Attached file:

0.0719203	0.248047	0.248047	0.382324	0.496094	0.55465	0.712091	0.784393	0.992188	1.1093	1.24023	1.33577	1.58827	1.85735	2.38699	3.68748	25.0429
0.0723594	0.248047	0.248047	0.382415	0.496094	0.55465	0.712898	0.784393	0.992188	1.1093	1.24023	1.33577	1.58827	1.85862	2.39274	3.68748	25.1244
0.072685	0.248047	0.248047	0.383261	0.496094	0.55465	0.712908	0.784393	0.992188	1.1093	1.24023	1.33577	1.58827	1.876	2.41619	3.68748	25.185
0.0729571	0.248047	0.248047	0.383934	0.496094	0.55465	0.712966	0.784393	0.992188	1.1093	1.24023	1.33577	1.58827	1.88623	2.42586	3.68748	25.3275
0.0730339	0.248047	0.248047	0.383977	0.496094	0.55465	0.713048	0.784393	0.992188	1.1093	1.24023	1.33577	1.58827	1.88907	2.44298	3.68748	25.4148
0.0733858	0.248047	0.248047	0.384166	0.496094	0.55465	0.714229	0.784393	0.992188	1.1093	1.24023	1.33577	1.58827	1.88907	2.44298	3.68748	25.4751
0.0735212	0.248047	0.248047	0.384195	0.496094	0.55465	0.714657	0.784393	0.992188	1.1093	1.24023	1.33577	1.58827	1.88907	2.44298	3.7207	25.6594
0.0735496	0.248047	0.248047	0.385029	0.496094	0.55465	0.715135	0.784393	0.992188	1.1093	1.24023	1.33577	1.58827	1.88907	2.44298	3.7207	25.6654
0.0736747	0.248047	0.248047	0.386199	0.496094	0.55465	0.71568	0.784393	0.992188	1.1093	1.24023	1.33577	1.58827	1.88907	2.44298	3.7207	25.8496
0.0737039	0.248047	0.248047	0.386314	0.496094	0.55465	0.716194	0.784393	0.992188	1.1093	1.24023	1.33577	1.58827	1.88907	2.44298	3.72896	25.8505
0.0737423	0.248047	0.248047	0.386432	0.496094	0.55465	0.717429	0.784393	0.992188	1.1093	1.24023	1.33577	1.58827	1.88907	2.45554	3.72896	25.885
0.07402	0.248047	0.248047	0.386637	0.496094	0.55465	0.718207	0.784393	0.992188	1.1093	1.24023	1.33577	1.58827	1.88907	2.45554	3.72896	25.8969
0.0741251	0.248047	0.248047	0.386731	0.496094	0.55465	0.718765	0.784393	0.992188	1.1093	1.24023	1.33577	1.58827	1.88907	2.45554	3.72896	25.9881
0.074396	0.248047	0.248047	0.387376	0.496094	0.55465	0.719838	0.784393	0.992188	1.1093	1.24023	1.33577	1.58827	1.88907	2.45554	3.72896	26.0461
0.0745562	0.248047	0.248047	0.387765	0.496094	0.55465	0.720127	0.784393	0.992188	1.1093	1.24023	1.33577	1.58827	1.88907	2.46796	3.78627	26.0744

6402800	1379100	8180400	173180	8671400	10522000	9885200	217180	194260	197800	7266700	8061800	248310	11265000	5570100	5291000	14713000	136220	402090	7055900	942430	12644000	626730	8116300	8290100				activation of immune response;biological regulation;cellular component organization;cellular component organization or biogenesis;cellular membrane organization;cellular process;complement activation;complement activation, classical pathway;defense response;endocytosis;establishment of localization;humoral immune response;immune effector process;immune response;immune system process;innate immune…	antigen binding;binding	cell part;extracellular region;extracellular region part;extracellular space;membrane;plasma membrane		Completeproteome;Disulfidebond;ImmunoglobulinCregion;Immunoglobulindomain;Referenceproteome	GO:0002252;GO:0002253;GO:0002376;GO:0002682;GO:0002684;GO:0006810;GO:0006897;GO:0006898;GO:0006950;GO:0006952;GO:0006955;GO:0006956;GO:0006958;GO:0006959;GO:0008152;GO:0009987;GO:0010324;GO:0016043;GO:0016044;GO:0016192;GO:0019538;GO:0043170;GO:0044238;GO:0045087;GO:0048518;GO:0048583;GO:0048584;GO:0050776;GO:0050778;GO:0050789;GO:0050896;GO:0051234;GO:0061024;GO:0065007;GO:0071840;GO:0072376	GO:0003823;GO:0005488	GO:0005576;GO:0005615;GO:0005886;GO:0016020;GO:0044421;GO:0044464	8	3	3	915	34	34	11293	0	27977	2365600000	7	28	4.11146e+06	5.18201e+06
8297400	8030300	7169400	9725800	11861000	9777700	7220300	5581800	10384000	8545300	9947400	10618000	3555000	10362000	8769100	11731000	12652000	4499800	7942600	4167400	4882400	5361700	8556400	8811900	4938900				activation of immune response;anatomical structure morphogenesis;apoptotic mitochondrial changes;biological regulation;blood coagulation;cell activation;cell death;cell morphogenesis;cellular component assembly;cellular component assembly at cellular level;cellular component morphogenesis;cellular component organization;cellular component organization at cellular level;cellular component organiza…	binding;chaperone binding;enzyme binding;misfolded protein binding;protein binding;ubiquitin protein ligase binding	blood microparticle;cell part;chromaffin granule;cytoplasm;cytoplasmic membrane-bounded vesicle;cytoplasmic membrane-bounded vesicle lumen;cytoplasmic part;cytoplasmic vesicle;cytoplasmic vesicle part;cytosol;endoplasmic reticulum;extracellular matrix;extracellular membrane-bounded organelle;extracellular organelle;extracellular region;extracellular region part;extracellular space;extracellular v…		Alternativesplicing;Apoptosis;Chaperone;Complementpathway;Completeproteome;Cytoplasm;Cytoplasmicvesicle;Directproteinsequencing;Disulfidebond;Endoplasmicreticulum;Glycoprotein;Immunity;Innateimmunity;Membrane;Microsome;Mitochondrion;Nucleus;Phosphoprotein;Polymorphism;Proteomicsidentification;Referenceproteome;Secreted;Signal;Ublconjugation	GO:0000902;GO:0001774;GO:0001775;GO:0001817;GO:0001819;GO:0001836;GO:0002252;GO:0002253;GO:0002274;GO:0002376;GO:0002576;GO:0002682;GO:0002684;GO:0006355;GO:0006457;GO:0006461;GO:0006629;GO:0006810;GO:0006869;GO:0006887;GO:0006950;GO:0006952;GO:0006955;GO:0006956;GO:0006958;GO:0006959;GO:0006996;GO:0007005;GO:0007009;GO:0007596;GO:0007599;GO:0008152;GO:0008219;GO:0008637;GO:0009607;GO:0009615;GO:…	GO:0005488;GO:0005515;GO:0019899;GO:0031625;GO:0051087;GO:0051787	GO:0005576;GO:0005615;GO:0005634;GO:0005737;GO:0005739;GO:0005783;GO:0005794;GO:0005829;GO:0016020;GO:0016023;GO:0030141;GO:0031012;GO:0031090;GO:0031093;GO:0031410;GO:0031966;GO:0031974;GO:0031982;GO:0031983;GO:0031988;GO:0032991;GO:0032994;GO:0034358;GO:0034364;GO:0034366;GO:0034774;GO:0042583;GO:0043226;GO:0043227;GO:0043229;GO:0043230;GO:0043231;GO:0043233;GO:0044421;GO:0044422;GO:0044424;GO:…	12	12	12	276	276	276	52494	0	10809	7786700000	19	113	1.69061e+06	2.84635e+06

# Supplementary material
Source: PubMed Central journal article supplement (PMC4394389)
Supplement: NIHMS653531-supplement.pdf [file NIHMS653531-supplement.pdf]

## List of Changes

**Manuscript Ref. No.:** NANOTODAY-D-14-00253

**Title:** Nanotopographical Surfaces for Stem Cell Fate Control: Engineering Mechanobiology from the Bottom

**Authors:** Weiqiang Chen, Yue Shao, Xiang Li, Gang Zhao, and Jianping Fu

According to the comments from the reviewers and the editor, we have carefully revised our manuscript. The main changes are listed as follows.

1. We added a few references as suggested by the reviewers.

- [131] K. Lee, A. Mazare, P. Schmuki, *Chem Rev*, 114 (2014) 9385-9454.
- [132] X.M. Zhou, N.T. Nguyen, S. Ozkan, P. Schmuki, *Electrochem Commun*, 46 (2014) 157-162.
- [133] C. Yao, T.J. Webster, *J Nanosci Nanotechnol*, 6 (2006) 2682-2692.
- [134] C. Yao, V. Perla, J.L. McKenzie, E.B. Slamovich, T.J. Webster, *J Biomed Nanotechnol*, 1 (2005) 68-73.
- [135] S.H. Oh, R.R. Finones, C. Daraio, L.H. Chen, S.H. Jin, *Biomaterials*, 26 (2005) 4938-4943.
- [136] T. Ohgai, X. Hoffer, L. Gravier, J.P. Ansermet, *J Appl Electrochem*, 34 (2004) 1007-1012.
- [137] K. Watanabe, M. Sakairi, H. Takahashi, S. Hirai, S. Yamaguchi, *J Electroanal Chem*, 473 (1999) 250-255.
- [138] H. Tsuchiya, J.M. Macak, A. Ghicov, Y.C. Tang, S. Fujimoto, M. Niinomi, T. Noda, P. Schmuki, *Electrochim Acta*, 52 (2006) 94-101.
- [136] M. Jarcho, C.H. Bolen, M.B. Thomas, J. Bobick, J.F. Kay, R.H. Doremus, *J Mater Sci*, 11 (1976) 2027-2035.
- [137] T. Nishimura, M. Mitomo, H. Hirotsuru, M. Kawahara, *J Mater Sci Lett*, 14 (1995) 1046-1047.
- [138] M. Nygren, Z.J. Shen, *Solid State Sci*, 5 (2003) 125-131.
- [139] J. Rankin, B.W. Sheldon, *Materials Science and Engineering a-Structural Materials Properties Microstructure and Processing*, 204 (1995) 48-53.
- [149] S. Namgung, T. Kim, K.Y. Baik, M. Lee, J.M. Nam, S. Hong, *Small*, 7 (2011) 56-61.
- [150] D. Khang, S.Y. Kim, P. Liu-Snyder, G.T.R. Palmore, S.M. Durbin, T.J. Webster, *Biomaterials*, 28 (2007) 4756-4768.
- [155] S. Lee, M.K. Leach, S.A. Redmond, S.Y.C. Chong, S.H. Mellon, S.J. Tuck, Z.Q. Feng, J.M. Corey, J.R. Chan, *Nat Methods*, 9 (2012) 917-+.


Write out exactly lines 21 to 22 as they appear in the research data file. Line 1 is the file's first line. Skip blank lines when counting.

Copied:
## List of Changes

**Manuscript Ref. No.:** NANOTODAY-D-14-00253